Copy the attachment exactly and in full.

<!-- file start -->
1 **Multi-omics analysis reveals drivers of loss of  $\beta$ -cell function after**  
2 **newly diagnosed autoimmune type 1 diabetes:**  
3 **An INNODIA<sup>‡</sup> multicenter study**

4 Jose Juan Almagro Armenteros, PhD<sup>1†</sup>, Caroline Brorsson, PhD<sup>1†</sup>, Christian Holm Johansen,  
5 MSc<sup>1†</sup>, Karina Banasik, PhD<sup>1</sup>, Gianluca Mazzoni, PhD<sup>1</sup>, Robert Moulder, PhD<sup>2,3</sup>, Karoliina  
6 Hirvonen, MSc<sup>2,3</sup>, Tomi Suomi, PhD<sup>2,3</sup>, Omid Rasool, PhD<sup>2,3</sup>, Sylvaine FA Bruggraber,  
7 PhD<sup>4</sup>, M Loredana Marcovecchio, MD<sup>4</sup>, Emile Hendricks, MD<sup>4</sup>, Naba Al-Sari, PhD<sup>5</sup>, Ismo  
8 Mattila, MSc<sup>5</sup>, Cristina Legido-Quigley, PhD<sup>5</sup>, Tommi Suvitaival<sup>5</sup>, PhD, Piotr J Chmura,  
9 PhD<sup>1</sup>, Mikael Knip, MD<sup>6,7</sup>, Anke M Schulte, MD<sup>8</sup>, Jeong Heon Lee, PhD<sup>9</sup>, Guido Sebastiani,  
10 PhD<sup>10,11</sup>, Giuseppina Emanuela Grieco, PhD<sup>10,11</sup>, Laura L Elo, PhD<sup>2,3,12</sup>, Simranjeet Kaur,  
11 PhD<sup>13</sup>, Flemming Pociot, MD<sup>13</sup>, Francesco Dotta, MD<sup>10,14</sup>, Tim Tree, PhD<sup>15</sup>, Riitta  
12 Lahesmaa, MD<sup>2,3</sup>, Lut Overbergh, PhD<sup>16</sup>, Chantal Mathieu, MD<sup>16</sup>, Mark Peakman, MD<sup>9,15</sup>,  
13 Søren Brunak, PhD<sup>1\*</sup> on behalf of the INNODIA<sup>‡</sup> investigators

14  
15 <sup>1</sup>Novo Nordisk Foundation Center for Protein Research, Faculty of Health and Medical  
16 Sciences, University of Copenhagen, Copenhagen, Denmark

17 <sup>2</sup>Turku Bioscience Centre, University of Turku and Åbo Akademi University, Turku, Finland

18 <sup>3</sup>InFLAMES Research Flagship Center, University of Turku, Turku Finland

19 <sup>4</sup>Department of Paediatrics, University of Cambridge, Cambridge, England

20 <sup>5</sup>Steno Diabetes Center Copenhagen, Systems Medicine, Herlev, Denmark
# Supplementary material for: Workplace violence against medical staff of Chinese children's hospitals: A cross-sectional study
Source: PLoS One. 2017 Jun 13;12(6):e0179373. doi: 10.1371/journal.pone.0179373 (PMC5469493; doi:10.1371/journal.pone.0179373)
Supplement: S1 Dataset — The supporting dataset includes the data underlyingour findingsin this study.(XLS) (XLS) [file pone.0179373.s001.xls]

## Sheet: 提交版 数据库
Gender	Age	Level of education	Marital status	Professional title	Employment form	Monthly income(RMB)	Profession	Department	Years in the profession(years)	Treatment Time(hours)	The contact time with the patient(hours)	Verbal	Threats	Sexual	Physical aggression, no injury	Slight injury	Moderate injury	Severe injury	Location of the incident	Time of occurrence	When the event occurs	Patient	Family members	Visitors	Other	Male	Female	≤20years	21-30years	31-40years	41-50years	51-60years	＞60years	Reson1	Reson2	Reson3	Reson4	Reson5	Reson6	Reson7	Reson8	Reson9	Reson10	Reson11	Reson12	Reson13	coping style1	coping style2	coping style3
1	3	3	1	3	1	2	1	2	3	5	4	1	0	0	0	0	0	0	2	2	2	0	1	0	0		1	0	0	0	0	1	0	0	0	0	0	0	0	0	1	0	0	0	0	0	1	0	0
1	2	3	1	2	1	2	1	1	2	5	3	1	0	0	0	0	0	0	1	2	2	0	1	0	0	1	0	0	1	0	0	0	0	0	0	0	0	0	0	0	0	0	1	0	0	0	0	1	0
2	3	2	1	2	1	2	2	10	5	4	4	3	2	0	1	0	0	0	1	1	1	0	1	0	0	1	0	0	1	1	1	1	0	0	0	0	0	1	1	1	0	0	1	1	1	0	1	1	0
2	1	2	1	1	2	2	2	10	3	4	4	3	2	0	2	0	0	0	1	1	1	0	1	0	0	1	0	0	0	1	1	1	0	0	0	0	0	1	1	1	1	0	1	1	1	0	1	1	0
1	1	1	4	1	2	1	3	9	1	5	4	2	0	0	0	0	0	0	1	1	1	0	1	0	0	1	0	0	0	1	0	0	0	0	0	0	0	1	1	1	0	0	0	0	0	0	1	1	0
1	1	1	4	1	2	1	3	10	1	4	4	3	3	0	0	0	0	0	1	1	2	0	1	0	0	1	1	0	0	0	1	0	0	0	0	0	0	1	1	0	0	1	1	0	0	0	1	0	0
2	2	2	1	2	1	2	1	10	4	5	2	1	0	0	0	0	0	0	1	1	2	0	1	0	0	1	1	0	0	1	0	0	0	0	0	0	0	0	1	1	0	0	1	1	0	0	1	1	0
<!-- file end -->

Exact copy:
1 **Multi-omics analysis reveals drivers of loss of  $\beta$ -cell function after**  
2 **newly diagnosed autoimmune type 1 diabetes:**  
3 **An INNODIA<sup>‡</sup> multicenter study**

4 Jose Juan Almagro Armenteros, PhD<sup>1†</sup>, Caroline Brorsson, PhD<sup>1†</sup>, Christian Holm Johansen,  
5 MSc<sup>1†</sup>, Karina Banasik, PhD<sup>1</sup>, Gianluca Mazzoni, PhD<sup>1</sup>, Robert Moulder, PhD<sup>2,3</sup>, Karoliina  
6 Hirvonen, MSc<sup>2,3</sup>, Tomi Suomi, PhD<sup>2,3</sup>, Omid Rasool, PhD<sup>2,3</sup>, Sylvaine FA Bruggraber,  
7 PhD<sup>4</sup>, M Loredana Marcovecchio, MD<sup>4</sup>, Emile Hendricks, MD<sup>4</sup>, Naba Al-Sari, PhD<sup>5</sup>, Ismo  
8 Mattila, MSc<sup>5</sup>, Cristina Legido-Quigley, PhD<sup>5</sup>, Tommi Suvitaival<sup>5</sup>, PhD, Piotr J Chmura,  
9 PhD<sup>1</sup>, Mikael Knip, MD<sup>6,7</sup>, Anke M Schulte, MD<sup>8</sup>, Jeong Heon Lee, PhD<sup>9</sup>, Guido Sebastiani,  
10 PhD<sup>10,11</sup>, Giuseppina Emanuela Grieco, PhD<sup>10,11</sup>, Laura L Elo, PhD<sup>2,3,12</sup>, Simranjeet Kaur,  
11 PhD<sup>13</sup>, Flemming Pociot, MD<sup>13</sup>, Francesco Dotta, MD<sup>10,14</sup>, Tim Tree, PhD<sup>15</sup>, Riitta  
12 Lahesmaa, MD<sup>2,3</sup>, Lut Overbergh, PhD<sup>16</sup>, Chantal Mathieu, MD<sup>16</sup>, Mark Peakman, MD<sup>9,15</sup>,  
13 Søren Brunak, PhD<sup>1\*</sup> on behalf of the INNODIA<sup>‡</sup> investigators

14  
15 <sup>1</sup>Novo Nordisk Foundation Center for Protein Research, Faculty of Health and Medical  
16 Sciences, University of Copenhagen, Copenhagen, Denmark

17 <sup>2</sup>Turku Bioscience Centre, University of Turku and Åbo Akademi University, Turku, Finland

18 <sup>3</sup>InFLAMES Research Flagship Center, University of Turku, Turku Finland

19 <sup>4</sup>Department of Paediatrics, University of Cambridge, Cambridge, England

20 <sup>5</sup>Steno Diabetes Center Copenhagen, Systems Medicine, Herlev, Denmark
# Supplementary material for: Workplace violence against medical staff of Chinese children's hospitals: A cross-sectional study
Source: PLoS One. 2017 Jun 13;12(6):e0179373. doi: 10.1371/journal.pone.0179373 (PMC5469493; doi:10.1371/journal.pone.0179373)
Supplement: S1 Dataset — The supporting dataset includes the data underlyingour findingsin this study.(XLS) (XLS) [file pone.0179373.s001.xls]

## Sheet: 提交版 数据库
Gender	Age	Level of education	Marital status	Professional title	Employment form	Monthly income(RMB)	Profession	Department	Years in the profession(years)	Treatment Time(hours)	The contact time with the patient(hours)	Verbal	Threats	Sexual	Physical aggression, no injury	Slight injury	Moderate injury	Severe injury	Location of the incident	Time of occurrence	When the event occurs	Patient	Family members	Visitors	Other	Male	Female	≤20years	21-30years	31-40years	41-50years	51-60years	＞60years	Reson1	Reson2	Reson3	Reson4	Reson5	Reson6	Reson7	Reson8	Reson9	Reson10	Reson11	Reson12	Reson13	coping style1	coping style2	coping style3
1	3	3	1	3	1	2	1	2	3	5	4	1	0	0	0	0	0	0	2	2	2	0	1	0	0		1	0	0	0	0	1	0	0	0	0	0	0	0	0	1	0	0	0	0	0	1	0	0
1	2	3	1	2	1	2	1	1	2	5	3	1	0	0	0	0	0	0	1	2	2	0	1	0	0	1	0	0	1	0	0	0	0	0	0	0	0	0	0	0	0	0	1	0	0	0	0	1	0
2	3	2	1	2	1	2	2	10	5	4	4	3	2	0	1	0	0	0	1	1	1	0	1	0	0	1	0	0	1	1	1	1	0	0	0	0	0	1	1	1	0	0	1	1	1	0	1	1	0
2	1	2	1	1	2	2	2	10	3	4	4	3	2	0	2	0	0	0	1	1	1	0	1	0	0	1	0	0	0	1	1	1	0	0	0	0	0	1	1	1	1	0	1	1	1	0	1	1	0
1	1	1	4	1	2	1	3	9	1	5	4	2	0	0	0	0	0	0	1	1	1	0	1	0	0	1	0	0	0	1	0	0	0	0	0	0	0	1	1	1	0	0	0	0	0	0	1	1	0
1	1	1	4	1	2	1	3	10	1	4	4	3	3	0	0	0	0	0	1	1	2	0	1	0	0	1	1	0	0	0	1	0	0	0	0	0	0	1	1	0	0	1	1	0	0	0	1	0	0
2	2	2	1	2	1	2	1	10	4	5	2	1	0	0	0	0	0	0	1	1	2	0	1	0	0	1	1	0	0	1	0	0	0	0	0	0	0	0	1	1	0	0	1	1	0	0	1	1	0